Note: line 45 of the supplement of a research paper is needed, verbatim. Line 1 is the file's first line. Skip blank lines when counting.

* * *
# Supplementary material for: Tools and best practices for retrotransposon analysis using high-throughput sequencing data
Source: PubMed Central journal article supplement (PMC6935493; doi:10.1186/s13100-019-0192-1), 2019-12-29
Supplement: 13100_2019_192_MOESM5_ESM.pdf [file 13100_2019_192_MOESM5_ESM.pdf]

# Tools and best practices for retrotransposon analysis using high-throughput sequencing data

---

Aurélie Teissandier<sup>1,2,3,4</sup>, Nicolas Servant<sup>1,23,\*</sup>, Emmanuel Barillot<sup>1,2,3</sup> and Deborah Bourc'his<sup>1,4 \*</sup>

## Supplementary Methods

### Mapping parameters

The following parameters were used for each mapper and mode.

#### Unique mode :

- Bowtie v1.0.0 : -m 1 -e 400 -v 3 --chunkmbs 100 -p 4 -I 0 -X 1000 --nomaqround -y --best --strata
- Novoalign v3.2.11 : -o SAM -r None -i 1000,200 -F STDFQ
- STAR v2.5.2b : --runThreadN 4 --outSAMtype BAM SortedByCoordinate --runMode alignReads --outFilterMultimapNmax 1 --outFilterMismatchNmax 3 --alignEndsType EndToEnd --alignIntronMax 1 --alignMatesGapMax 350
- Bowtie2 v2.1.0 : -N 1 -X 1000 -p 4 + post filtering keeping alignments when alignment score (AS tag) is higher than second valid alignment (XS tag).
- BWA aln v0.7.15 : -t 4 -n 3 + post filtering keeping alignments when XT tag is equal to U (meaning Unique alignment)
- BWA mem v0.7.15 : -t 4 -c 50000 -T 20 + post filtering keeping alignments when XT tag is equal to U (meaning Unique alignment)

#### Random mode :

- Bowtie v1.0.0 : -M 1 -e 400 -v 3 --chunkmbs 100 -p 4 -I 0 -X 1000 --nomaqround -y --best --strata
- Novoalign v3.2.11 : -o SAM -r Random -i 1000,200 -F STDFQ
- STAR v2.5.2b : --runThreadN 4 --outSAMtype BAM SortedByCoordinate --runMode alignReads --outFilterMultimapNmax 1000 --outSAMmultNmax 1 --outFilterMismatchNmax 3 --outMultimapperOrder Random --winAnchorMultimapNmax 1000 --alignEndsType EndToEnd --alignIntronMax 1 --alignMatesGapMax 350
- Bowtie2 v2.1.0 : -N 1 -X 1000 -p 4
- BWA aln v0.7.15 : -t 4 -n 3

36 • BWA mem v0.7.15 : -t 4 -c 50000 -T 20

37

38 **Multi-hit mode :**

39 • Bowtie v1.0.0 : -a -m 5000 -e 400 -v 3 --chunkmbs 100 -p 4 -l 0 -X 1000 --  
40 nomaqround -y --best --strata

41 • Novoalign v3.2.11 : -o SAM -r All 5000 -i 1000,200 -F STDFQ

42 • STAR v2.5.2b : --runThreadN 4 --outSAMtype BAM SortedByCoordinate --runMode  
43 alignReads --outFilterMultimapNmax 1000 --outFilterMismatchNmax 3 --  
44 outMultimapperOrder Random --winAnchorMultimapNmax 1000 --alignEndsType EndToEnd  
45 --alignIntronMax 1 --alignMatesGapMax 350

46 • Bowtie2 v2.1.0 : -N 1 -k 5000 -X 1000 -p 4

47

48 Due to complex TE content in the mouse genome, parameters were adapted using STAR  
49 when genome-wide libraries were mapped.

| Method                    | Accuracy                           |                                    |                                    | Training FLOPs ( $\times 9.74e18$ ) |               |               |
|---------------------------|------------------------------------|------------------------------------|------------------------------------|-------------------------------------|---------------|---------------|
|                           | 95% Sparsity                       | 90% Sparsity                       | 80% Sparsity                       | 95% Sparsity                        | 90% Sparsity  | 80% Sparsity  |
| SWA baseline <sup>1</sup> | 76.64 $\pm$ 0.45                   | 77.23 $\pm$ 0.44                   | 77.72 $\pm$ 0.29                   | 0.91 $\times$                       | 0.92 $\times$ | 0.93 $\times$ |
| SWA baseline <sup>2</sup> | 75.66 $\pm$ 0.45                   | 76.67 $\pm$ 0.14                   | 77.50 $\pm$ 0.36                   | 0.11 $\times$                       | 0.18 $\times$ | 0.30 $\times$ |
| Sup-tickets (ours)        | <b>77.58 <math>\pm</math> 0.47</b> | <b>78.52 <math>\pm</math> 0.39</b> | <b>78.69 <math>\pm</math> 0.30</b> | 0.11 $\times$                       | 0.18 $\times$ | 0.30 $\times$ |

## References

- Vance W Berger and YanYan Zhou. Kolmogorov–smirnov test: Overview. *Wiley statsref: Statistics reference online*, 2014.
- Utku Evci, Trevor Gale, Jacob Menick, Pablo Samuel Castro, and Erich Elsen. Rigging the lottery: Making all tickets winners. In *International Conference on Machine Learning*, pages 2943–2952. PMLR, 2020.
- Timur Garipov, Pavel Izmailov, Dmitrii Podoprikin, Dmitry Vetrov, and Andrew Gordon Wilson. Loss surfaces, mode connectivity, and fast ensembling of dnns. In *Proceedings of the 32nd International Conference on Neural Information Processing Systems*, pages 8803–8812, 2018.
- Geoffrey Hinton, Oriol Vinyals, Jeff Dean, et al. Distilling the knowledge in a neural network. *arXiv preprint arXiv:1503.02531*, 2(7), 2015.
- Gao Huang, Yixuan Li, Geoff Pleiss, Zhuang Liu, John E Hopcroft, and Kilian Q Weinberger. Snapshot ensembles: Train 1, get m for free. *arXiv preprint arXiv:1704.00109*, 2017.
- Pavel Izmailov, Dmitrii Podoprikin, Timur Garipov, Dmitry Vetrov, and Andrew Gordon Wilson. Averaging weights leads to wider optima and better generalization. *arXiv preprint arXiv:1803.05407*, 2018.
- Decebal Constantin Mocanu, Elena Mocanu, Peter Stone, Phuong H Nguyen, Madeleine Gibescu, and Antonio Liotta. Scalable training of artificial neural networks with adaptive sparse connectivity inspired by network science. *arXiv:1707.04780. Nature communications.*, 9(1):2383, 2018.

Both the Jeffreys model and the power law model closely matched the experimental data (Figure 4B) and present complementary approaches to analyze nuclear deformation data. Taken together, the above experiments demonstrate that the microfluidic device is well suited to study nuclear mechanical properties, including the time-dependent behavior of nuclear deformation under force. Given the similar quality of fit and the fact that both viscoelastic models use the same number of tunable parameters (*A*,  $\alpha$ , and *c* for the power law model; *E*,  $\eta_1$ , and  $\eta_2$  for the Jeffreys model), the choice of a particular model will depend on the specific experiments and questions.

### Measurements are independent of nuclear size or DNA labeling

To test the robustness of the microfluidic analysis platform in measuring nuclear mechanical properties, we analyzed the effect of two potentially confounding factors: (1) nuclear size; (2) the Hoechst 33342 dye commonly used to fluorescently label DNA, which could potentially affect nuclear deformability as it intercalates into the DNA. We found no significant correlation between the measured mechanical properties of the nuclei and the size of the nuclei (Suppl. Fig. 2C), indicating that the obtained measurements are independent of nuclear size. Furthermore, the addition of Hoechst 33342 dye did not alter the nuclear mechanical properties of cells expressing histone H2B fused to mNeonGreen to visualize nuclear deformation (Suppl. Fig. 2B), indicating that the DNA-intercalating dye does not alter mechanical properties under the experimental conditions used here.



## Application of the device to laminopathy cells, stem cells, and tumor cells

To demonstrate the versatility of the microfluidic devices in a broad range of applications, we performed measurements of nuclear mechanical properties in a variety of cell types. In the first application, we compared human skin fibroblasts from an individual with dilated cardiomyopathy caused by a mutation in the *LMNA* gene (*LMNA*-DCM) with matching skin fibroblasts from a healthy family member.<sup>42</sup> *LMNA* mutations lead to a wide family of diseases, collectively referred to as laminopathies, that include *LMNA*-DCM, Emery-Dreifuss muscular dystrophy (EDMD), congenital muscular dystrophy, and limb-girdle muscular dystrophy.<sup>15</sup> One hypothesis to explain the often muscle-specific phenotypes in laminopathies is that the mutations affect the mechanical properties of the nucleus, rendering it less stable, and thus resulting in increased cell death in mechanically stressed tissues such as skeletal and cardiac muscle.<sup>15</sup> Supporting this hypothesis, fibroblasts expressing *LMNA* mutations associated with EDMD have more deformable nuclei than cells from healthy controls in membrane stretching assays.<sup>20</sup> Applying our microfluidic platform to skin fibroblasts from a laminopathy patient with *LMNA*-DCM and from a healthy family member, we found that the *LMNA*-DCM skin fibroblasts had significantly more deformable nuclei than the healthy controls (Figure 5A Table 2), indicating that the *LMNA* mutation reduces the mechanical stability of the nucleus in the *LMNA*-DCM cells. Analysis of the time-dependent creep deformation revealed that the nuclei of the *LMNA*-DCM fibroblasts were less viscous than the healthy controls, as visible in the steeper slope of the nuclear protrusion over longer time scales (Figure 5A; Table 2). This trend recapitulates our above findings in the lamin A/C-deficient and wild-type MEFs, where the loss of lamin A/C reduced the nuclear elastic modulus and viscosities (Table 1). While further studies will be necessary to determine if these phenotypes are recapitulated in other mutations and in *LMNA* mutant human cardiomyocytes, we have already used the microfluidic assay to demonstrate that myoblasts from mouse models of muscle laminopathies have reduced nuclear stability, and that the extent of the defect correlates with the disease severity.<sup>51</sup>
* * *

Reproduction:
- Utku Evci, Trevor Gale, Jacob Menick, Pablo Samuel Castro, and Erich Elsen. Rigging the lottery: Making all tickets winners. In *International Conference on Machine Learning*, pages 2943–2952. PMLR, 2020.